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Title: Bonnet
Identifier: 981.3.1
Donor: L. Herridge
Item Date: 1895-1925
Image Creator: Museums of Mississauga
Creation Date: 2007
Location: Bradley Museum

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Description: This woman's bonnet consists of a wire frame covered with black lace. Two black velvet ties, one on either side, do up in a bow under the chin. There is a purple flower along the edge of the hat. This bonnet belonged to Mr. Herridge Jr.'s mother or grandmother (Mrs. Coleson). Mrs. Coleson died in 1940 at the age of 90 years old. History: A bonnet is a kind of headgear which is usually brimless. The most common kind of bonnet worn today is a soft head covering for babies. They are shaped similarly to the kind of bonnets women used to wear, that is, they cover the hair and ears, but not the forehead. In the mid-18th century, ‘house bonnets’ worn by women and girls were generally brimless head coverings which were secured by tying under the chin. They were worn indoors, to keep the hair neat, and outdoors to keep dust out of the hair. With hairstyles becoming increasingly elaborate after 1770, bonnets became more structured and larger. The wide brims of poke bonnets developed to prevent wind-chapping when taking the air out of doors in an open carriage. The effects of sun and wind on the skin had connotations of countrified rude health. Bonnets remained one of the most common types of headgear worn by women throughout the 19th century. Silk bonnets, elaborately pleated and ruched, were worn outdoors, or in public places like shops, galleries, churches, and during visits to acquaintances. Most middle class women would have had at least two bonnets, one suitable for summer weather, often made from straw, and one made from heavier fabric for winter wear. Wealthier women would have many more bonnets suitable for different occasions. REF:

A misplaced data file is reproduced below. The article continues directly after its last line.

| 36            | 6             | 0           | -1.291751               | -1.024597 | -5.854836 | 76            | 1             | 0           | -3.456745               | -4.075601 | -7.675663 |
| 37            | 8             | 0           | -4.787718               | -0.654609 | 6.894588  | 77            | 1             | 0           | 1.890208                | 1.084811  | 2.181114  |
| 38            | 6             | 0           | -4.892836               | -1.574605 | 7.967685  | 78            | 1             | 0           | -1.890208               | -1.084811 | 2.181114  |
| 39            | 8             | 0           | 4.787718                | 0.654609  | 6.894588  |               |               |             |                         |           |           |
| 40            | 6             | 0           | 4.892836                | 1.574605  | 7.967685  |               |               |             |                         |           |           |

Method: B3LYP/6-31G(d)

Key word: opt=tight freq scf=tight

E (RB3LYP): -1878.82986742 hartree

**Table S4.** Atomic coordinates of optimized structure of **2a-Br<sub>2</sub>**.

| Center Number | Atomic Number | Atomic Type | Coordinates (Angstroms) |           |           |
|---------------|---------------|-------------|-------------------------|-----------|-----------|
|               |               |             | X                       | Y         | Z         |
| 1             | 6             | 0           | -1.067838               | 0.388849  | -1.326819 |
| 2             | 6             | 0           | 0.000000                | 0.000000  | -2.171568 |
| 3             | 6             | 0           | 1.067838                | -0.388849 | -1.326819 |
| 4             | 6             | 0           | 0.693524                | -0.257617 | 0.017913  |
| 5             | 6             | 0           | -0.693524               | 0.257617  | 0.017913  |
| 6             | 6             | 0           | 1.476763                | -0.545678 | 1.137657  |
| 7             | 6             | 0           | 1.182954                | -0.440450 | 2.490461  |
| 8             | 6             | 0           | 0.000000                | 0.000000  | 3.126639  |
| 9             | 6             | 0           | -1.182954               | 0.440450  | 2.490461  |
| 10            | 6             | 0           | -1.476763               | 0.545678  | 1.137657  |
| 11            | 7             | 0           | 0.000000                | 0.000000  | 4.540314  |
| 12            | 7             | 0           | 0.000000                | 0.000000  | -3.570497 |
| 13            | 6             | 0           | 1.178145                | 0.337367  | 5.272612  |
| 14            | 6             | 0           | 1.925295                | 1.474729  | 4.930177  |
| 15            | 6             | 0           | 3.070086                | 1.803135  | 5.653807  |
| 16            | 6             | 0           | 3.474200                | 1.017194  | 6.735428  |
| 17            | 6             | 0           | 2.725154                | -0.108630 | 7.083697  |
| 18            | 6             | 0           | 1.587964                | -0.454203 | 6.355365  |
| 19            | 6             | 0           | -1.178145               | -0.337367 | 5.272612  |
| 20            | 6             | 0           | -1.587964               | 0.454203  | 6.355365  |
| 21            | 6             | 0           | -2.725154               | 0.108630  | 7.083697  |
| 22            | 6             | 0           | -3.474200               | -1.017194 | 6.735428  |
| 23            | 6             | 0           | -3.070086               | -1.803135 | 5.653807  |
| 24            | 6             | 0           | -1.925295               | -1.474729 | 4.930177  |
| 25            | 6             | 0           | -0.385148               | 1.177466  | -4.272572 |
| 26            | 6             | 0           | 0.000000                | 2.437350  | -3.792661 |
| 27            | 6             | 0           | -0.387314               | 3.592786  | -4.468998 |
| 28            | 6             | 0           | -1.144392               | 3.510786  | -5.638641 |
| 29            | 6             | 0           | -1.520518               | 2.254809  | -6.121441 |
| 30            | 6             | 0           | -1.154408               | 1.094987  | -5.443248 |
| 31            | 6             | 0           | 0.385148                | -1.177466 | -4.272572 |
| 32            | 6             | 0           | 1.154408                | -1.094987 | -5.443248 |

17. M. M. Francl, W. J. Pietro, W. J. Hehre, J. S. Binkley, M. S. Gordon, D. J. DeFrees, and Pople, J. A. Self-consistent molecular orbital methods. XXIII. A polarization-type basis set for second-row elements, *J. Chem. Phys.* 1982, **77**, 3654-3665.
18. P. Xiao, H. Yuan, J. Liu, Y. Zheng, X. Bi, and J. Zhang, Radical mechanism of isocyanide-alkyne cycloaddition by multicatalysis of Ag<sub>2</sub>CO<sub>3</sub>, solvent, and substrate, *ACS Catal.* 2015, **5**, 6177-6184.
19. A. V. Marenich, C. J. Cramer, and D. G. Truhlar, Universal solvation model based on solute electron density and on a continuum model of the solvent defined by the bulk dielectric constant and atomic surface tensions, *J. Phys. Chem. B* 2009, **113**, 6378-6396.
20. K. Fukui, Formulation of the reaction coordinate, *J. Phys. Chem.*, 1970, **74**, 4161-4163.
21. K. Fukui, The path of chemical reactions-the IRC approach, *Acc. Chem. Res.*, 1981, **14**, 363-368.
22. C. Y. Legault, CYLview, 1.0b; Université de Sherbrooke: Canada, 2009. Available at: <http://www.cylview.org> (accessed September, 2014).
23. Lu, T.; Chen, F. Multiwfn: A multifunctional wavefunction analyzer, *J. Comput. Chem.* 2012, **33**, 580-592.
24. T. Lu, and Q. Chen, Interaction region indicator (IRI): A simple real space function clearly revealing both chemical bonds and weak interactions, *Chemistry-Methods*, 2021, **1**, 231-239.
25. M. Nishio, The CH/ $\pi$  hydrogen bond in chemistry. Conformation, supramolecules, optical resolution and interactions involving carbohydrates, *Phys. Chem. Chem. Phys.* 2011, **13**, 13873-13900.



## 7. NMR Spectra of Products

Copyright: Museums of Mississauga
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Related Links:
   Canadian Heritage Information Network (CHIN)